Seeing the Light ~ A Guiding Force

The first lighthouse I ever saw was on the Chesapeake Bay.  As a little kid our family would on a rare occasion visit my great Uncle Ray at his estate in Shady Side, MD (my middle name Raymond is after him).  On one such occasion he took my dad, brother and me out in his sporty, mahogany Chris Craft motorboat for a day of fishing.  There it was Thomas Point Shoal Lighthouse, a house on stilts (called screwpiles) out in the middle of the water.  Who lives there and why, I wondered? 

When my wife and I moved to Maine in order for me to pursue my art career, one of my passions became visiting, photographing and painting as many of the Maine lighthouses as I could.  There was something about them that guided me artistically and spiritually.  I don’t know if it is from being nostalgic about my time as a kid with my great uncle Ray, whether it has something to do with my ancestral shipbuilding heritage or whether it’s something more immediate and simply explained.  Maybe it’s that I see the lighthouses as a guiding force for saving lives, directing sailors and ships to safety.  Maybe it’s the aesthetic beauty of the dramatic locations the lighthouses are built on.  Maybe it’s the solitary existence of the lighthouse keepers, the sound of waves crashing on the rocks, the cries of gulls in the air or the beauty of the passing boats and ships.  Maybe it’s all of the above!

The combination of unique architectural elements and the history of each lighthouse allowed me to find new inspiration with each painting.  Most have stories of lonely lighthouse keepers that lived for decades fighting the elements to serve and protect others.  Many have lore of ghosts haunting the light, accompanying the keepers and scaring the visitors.  All have stories of the sea, of violent storms, and of close calls and tragic endings for ships and sailors lost at sea. 

Here are some of the many lighthouse paintings I painted while living along the coast of Maine accompanied by a brief mention of their history and/or a personal experience. 

Portland Head Light - Maine’s oldest light built at the direction of George Washington in 1791.  It overlooks Casco Bay and helps to protect ships from the treacherous rocky coastline. 

Portand Head Light.jpg

Marshall Point Light - Originally built in 1832 it marks the point entering Port Clyde Harbor.  It is one of our favorite lighthouse destinations.

Owls Head Light - Built in 1826 in Owls Head, protecting the southern entrance to Rockland Harbor.  In the 1930’s the keeper’s dog Spot used to ring the bell when ships would pass by tugging on the bell’s rope.  Spot was credited with saving the Matinicus mailboat in a blizzard when the fogbell was buried in a snowdrift.  Since he couldn’t ring the bell his incessant barking guided the boat safely to shore! *See footnote.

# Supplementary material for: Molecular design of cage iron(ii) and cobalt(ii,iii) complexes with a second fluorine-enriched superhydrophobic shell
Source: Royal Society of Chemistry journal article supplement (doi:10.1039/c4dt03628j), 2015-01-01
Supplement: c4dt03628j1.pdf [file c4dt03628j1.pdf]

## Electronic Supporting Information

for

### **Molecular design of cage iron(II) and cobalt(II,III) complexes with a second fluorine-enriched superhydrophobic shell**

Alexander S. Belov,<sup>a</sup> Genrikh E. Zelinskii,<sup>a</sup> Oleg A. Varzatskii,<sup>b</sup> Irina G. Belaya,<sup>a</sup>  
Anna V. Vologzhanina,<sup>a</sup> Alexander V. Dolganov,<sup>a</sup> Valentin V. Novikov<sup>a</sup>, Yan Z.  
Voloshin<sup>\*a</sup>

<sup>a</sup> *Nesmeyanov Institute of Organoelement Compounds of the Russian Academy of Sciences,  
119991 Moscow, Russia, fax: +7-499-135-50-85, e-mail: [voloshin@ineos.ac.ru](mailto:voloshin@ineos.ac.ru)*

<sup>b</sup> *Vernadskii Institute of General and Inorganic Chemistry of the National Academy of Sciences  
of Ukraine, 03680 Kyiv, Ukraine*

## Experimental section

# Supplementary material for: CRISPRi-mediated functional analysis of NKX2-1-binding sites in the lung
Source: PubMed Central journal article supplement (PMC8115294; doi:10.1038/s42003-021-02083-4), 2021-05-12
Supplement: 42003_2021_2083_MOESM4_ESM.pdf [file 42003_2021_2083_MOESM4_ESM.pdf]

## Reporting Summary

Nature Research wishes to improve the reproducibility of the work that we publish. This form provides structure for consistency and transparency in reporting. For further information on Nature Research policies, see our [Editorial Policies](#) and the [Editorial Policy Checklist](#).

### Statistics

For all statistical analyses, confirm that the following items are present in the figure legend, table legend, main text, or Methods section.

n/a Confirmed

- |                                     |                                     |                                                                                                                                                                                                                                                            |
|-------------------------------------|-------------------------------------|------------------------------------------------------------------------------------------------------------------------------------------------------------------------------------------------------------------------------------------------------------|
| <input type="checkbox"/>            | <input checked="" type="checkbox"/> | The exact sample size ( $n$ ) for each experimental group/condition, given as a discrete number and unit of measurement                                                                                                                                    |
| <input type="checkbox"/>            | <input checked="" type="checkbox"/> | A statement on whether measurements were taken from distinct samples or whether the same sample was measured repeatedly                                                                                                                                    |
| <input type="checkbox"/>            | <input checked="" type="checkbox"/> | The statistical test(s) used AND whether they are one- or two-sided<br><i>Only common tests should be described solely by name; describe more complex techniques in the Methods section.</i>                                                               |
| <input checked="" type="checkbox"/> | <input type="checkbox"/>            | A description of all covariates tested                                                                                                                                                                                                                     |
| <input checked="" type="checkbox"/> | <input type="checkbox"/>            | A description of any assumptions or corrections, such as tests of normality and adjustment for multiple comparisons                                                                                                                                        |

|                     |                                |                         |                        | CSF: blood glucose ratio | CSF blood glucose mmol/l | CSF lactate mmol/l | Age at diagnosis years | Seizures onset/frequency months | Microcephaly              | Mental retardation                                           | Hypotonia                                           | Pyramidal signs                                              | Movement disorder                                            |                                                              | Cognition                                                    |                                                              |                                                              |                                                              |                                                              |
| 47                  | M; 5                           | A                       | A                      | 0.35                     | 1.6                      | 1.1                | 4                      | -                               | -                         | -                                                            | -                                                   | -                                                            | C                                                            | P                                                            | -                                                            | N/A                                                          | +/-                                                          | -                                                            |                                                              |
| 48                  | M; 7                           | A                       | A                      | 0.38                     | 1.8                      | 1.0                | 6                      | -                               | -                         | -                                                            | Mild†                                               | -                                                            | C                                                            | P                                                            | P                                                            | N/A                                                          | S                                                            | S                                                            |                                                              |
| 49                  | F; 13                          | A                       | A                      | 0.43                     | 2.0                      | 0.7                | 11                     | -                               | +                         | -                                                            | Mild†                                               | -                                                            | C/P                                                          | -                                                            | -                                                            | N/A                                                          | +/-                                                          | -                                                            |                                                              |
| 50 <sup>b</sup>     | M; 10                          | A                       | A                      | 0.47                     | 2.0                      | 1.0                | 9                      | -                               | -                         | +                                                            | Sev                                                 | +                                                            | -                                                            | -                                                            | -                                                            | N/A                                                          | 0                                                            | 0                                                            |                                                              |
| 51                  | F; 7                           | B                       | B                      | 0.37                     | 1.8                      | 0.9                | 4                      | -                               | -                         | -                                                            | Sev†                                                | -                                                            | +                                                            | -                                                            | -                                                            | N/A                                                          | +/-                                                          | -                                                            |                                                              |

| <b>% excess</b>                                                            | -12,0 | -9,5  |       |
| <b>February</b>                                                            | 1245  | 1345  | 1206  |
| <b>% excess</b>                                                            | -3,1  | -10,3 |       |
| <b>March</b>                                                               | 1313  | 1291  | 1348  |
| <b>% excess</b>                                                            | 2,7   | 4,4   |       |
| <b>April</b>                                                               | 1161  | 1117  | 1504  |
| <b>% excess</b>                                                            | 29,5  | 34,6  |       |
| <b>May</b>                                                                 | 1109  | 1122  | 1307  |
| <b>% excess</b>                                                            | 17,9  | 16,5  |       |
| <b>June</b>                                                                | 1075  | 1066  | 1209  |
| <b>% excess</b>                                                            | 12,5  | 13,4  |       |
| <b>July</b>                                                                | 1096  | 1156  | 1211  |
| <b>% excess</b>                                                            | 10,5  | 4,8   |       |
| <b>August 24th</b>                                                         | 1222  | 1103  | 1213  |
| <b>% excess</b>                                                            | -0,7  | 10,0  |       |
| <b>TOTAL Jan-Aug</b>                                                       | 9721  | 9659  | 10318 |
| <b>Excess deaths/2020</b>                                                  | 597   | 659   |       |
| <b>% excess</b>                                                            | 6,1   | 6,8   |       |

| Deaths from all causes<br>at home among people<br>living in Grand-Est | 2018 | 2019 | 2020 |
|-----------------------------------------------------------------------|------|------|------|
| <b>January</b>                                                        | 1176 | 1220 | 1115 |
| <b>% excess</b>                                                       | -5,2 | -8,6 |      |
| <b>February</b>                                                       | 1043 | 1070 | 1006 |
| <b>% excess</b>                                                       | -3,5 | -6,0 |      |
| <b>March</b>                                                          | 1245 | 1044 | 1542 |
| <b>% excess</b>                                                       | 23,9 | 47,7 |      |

Rockland Breakwater Light - Built on a mile long jetty out into Rockland Harbor in 1888.  It is a short distance from Owls Head Light.  The huge granite blocks help make Rockland a safe harbor.  My wife and I loved walking out to the light on the jetty, listening to the waves hitting the rocks, smelling the salt air and watching the activity on the water. 

Bass Harbor Light - Built in 1858 at the southwest point of Mount Desert Island.  It marks the entrance to Blue Hill Bay and Bass Harbor.  It is one of the most dramatic of lighthouse settings and one of the most photographed. 

Curtis Island Light - Built in 1836, it guides boats large and small into Camden Harbor where we once lived.  With Camden Hills in the background, sailing toward Curtis Island Light is one of the prettiest entrances to a harbor anywhere. This commissioned painting focuses on the Victory Chimes Schooner and Curtis Island Light.

Pemaquid Point Light - Built in 1827.  The striated rock formation leading from the lighthouse to the water is a dramatic setting.  In September 1903 a storm so violent hit that even the lighthouse beacon could not guide the schooner George F. Edmunds to safety.  Captain Poole and thirteen of his crew were lost in the storm. 

Pemaquid Point Light.jpg

Prospect Harbor Light - Built in 1850.  When we drove around the winding coastal road and came upon Prospect Harbor Light I was taken with the setting and immediately wondered why it isn’t painted or photographed more often.

Bear Island Light - Built in 1839, it marks the entrance of Northeast Harbor on Mount Desert Island.  Our good friends commissioned this painting after we were all out on the water together admiring Bear Island Light.  High on a hilltop, with a sheer drop to the crashing waves below, this lighthouse to me is one of the most dramatic but rarely seen ones.  Most likely because it is hard to photograph unless you are on the water or in the air!

I’ve painted numerous other lighthouse paintings but wanted to share these with you to hopefully inspire you to discover them for yourselves.  Most are easily accessible by car or on foot and well worth a visit.  Mix in a lobster roll or a seafood platter and you’ll have memorable afternoon!

*An excellent resource for lighthouses along the coast of Maine is “The Lighthouses of Maine” by Wally Welch from which I learned the story of Spot, the Owl’s Head Light keeper’s dog.